[260 NJSuper Page 7]

In furtherance of this objective, the Act provides that employees with a newly born, adopted or ill child or a sick parent or spouse may take family leave from employment for a period not to exceed 12 weeks during any 24 month period. N.J.S.A. 34:11B-3i; N.J.S.A. 34:11B-4. In the case of a newly born or adopted child, leave may be commenced at any time within one year of the date of birth or placement by adoption. N.J.S.A. 34:11B-4c. As to an ill family member, leave may be taken intermittently when medically necessary. N.J.S.A. 34:11B-4a(1), (2) and (3). With respect to a newly born or adopted child, leave may be taken intermittently only if agreed to by the employer and employee. N.J.S.A. 34:11B-4b. Family leave required by the Act may be paid, unpaid or a combination of the two. N.J.S.A. 34:11B-4d. If an employer provides paid leave for fewer than 12 work weeks, the additional period required by the Act may be unpaid. Ibid. Leave may be denied only where (1) the employee falls into a narrow category of highly salaried individuals, N.J.S.A. 34:11B-4h(1), (2) denial is necessary to prevent "substantial and grievous economic injury" to the employer's operation, N.J.S.A. 34:11B-4h(2), and (3) timely notice is given to the employee, N.J.S.A. 34:11B-4h(3).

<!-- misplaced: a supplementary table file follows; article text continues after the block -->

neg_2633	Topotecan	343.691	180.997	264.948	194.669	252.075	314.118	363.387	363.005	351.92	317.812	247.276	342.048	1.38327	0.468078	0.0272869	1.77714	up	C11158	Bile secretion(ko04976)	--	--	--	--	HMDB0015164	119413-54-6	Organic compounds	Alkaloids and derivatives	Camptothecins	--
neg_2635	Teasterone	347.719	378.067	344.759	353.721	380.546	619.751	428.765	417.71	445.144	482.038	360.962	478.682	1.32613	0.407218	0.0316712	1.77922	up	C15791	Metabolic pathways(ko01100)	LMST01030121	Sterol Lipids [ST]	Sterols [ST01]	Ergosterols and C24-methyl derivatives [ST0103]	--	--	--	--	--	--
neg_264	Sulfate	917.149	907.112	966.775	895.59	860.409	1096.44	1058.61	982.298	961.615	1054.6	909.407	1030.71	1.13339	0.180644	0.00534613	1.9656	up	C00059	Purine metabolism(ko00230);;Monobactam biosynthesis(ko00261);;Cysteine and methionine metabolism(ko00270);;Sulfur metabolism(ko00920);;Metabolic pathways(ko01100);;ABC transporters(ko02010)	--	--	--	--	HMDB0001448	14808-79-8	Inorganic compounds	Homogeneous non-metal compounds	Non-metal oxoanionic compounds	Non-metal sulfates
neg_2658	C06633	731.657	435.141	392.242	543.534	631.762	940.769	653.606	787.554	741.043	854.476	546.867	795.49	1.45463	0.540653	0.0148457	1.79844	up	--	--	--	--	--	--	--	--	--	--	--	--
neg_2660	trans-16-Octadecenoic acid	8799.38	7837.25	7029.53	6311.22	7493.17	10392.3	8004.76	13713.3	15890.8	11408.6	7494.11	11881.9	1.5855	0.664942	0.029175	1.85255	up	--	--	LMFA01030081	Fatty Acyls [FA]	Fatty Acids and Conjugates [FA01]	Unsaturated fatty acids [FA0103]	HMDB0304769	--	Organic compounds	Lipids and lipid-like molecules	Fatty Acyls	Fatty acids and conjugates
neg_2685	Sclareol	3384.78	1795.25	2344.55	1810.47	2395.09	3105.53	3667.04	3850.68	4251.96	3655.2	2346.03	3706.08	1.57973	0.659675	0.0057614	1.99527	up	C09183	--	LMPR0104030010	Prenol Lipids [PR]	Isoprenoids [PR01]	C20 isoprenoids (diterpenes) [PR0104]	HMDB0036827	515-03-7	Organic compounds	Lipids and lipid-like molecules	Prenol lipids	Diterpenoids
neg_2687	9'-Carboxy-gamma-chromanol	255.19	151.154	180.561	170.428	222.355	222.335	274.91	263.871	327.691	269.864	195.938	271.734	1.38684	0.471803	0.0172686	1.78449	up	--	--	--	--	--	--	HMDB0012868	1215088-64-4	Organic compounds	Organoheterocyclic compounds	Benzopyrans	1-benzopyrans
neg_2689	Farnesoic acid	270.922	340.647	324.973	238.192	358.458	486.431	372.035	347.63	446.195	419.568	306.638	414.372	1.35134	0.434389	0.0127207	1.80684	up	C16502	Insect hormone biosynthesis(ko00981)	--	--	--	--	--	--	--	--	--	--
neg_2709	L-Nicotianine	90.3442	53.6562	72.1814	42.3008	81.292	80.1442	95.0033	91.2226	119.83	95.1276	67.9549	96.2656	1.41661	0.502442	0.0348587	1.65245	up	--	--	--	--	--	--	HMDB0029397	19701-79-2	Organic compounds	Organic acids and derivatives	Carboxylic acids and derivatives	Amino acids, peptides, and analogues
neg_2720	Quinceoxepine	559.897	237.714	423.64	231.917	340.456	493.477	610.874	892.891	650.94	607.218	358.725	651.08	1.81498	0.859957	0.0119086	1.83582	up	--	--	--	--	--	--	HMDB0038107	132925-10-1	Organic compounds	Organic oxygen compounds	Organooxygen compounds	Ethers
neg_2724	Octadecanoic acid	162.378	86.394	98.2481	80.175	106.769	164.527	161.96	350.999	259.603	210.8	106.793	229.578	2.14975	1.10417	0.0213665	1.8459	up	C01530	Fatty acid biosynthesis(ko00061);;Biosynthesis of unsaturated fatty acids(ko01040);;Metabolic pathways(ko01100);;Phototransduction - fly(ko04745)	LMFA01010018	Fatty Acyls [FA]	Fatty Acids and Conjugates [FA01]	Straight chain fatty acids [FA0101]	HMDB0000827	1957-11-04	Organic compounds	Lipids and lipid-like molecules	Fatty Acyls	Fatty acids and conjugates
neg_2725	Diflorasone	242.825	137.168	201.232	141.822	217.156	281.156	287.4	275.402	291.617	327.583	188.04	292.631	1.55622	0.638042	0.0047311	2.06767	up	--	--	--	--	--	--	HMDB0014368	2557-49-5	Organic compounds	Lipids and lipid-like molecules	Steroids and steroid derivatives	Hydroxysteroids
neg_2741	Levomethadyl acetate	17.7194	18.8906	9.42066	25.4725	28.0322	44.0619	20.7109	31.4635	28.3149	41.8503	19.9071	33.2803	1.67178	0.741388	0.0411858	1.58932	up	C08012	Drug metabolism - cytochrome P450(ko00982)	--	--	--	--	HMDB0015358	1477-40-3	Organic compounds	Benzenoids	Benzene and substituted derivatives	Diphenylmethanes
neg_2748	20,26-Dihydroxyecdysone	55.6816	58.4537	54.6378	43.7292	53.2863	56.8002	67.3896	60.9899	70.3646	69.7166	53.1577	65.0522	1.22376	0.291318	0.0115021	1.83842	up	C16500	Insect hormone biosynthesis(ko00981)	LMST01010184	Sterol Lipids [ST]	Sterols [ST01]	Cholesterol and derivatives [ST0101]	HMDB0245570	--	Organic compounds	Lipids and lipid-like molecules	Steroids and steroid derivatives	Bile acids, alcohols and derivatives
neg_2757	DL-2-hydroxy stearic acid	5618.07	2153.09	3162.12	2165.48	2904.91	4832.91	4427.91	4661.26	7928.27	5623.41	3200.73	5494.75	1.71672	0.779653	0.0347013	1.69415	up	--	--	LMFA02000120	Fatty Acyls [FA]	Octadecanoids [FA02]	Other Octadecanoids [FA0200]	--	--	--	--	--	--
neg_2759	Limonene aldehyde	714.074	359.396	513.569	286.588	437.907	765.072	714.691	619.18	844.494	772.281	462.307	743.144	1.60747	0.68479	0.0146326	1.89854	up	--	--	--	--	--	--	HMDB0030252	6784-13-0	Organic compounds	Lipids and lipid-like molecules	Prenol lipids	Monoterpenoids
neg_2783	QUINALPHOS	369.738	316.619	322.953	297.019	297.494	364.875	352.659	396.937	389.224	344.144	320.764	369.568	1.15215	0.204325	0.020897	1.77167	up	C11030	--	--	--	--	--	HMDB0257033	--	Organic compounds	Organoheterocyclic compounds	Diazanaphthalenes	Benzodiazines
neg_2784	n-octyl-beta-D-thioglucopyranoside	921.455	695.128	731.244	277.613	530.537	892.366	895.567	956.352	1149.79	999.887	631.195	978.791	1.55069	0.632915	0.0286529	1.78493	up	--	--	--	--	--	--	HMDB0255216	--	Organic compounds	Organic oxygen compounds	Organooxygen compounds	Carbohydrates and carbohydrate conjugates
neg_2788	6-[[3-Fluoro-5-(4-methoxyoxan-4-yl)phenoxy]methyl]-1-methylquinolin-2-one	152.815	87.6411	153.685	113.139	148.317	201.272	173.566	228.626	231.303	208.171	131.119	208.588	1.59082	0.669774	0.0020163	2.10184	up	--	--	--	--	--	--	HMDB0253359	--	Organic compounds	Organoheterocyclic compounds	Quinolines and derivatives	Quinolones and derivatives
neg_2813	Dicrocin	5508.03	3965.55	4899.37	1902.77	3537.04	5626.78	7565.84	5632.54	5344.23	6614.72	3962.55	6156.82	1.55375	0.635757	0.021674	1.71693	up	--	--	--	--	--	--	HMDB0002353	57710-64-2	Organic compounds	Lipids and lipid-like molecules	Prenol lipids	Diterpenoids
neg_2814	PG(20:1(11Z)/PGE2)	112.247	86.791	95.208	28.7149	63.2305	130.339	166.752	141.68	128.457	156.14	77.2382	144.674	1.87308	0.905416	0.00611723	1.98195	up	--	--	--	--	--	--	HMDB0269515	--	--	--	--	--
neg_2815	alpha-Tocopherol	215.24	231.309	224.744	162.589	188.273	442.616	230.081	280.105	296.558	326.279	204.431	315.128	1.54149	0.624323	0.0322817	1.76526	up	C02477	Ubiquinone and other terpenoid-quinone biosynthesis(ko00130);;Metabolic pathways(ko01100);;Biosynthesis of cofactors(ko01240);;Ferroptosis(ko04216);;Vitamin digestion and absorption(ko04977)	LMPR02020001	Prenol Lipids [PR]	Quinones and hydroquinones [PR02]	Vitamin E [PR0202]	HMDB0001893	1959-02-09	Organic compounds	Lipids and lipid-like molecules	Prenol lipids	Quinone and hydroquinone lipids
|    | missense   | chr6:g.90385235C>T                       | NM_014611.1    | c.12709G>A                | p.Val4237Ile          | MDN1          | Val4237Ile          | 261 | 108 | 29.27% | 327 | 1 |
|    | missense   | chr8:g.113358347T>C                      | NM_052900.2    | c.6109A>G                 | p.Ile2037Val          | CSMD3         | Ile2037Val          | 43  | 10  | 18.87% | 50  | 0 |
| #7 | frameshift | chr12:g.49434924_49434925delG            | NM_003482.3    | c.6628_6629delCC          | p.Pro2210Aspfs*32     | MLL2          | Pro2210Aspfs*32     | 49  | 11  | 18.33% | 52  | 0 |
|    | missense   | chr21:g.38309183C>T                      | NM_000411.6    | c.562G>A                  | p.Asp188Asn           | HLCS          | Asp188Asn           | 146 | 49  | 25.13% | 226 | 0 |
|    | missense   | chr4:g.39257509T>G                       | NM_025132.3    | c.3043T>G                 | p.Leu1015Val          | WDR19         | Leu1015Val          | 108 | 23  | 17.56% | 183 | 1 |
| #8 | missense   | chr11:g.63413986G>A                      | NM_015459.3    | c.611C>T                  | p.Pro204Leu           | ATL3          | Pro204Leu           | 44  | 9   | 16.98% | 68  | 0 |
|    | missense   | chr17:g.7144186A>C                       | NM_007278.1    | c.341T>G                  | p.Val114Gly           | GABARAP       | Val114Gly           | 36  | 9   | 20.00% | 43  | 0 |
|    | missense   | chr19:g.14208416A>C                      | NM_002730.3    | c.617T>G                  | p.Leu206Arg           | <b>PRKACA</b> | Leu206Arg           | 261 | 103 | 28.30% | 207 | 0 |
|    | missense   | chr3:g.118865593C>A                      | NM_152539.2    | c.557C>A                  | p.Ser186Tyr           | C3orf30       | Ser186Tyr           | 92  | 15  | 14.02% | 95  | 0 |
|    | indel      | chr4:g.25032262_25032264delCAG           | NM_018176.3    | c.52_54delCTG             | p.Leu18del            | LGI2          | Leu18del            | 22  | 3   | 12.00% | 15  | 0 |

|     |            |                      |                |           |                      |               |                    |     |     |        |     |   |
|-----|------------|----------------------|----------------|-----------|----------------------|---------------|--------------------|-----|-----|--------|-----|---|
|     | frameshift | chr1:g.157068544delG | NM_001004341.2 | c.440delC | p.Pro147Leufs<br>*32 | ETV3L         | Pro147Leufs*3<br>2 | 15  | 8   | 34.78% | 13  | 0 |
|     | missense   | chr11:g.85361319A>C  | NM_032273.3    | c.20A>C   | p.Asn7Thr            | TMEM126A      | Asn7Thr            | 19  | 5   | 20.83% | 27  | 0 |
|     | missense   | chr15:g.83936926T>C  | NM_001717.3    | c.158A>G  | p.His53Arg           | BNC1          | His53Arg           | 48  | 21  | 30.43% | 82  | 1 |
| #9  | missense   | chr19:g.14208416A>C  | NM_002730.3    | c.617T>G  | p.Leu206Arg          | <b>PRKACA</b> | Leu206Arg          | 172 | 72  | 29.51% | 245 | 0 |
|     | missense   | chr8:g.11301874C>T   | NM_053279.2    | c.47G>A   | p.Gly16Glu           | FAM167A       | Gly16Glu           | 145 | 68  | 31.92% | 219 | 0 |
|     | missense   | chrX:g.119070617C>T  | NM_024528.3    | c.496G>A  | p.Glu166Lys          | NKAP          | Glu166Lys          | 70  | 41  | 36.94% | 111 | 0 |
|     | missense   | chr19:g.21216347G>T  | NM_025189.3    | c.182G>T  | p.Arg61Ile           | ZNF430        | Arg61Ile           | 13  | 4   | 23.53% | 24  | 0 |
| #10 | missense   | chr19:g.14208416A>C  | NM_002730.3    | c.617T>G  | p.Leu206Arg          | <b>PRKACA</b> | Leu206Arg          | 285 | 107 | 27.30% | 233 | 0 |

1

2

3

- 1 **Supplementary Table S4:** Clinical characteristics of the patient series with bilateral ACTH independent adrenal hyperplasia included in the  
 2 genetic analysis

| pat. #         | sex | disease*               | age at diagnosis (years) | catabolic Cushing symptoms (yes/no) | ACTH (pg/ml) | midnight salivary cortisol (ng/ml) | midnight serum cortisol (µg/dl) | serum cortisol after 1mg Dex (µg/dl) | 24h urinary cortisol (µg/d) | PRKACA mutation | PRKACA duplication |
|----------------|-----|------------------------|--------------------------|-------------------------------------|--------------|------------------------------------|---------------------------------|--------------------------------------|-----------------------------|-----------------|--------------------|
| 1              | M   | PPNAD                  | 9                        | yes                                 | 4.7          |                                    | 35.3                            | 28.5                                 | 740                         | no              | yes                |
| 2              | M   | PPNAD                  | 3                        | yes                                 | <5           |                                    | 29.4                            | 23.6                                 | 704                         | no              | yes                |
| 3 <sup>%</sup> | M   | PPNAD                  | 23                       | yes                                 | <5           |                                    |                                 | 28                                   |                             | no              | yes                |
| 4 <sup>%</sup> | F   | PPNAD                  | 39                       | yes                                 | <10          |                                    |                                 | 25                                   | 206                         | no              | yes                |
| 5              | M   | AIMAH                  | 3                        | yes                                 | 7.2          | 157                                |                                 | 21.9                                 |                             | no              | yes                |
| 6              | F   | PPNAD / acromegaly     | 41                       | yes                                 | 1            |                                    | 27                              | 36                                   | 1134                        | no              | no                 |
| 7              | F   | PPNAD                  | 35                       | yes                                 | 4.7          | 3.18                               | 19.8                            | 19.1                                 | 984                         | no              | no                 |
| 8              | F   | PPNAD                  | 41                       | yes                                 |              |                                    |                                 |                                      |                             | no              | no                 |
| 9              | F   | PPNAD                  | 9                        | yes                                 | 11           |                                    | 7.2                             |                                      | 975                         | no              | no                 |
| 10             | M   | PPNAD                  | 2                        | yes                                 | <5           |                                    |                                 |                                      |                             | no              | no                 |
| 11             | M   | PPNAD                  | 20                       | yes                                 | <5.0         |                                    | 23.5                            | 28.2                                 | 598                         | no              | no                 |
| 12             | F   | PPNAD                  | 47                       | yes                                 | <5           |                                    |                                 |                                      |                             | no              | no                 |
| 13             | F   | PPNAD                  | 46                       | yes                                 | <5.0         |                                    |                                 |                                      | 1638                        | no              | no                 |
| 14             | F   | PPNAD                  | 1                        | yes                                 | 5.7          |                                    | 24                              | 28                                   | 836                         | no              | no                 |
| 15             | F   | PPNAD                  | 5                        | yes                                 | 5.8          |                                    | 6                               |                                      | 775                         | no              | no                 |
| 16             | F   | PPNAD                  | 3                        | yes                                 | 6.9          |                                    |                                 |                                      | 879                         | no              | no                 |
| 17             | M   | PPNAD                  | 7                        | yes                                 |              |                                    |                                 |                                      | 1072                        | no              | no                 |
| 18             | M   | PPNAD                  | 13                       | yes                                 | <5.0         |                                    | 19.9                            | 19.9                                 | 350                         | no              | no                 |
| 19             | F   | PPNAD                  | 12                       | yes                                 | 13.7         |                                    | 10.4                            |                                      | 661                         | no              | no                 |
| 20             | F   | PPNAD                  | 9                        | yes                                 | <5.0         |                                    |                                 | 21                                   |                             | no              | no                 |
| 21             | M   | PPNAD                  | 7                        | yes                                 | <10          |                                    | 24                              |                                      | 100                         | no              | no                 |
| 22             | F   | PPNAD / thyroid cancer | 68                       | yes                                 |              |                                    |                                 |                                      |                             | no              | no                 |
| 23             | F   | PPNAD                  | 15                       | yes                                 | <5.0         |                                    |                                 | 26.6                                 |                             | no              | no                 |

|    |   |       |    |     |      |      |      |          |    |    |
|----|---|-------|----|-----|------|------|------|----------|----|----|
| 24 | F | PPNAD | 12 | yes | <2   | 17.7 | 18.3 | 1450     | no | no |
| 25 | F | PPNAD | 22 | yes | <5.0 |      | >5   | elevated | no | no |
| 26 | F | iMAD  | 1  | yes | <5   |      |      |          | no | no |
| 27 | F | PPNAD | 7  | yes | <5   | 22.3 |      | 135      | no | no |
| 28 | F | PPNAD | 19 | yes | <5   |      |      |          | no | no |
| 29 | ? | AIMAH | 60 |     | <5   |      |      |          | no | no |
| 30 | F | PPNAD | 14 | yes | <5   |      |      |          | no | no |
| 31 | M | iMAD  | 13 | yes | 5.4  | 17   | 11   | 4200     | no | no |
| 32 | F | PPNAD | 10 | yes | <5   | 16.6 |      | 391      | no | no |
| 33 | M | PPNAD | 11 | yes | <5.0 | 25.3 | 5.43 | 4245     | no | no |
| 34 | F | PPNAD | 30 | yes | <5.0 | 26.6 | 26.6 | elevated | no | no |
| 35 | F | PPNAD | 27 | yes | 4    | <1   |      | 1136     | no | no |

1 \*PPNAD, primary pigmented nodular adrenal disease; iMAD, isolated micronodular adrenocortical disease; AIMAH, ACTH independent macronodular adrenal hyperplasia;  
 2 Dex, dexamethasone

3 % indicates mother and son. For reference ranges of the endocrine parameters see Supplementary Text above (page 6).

In addition to the 12 week period, the Act provides job security for employees by requiring that they be "restored by the employer . . . to the position [they] held when the leave commenced or to an equivalent position of like seniority, status, employment benefits, pay, and other terms and conditions of employment." N.J.S.A. 34:11B-7. The only exception granted by the Act is where during the leave period a reduction in force has occurred and the employee would have lost his or her job in any event. Ibid. However, even in the case of a reduction in force, the employee retains all rights to a recall that he or she would have had if he or she had not taken the leave. Ibid. The Act also requires the employer to continue group health insurance coverage to the employee and his or her dependents as if leave had not been taken. N.J.S.A. 34:11B-8. The Act makes it clear that the right to family leave is in addition to those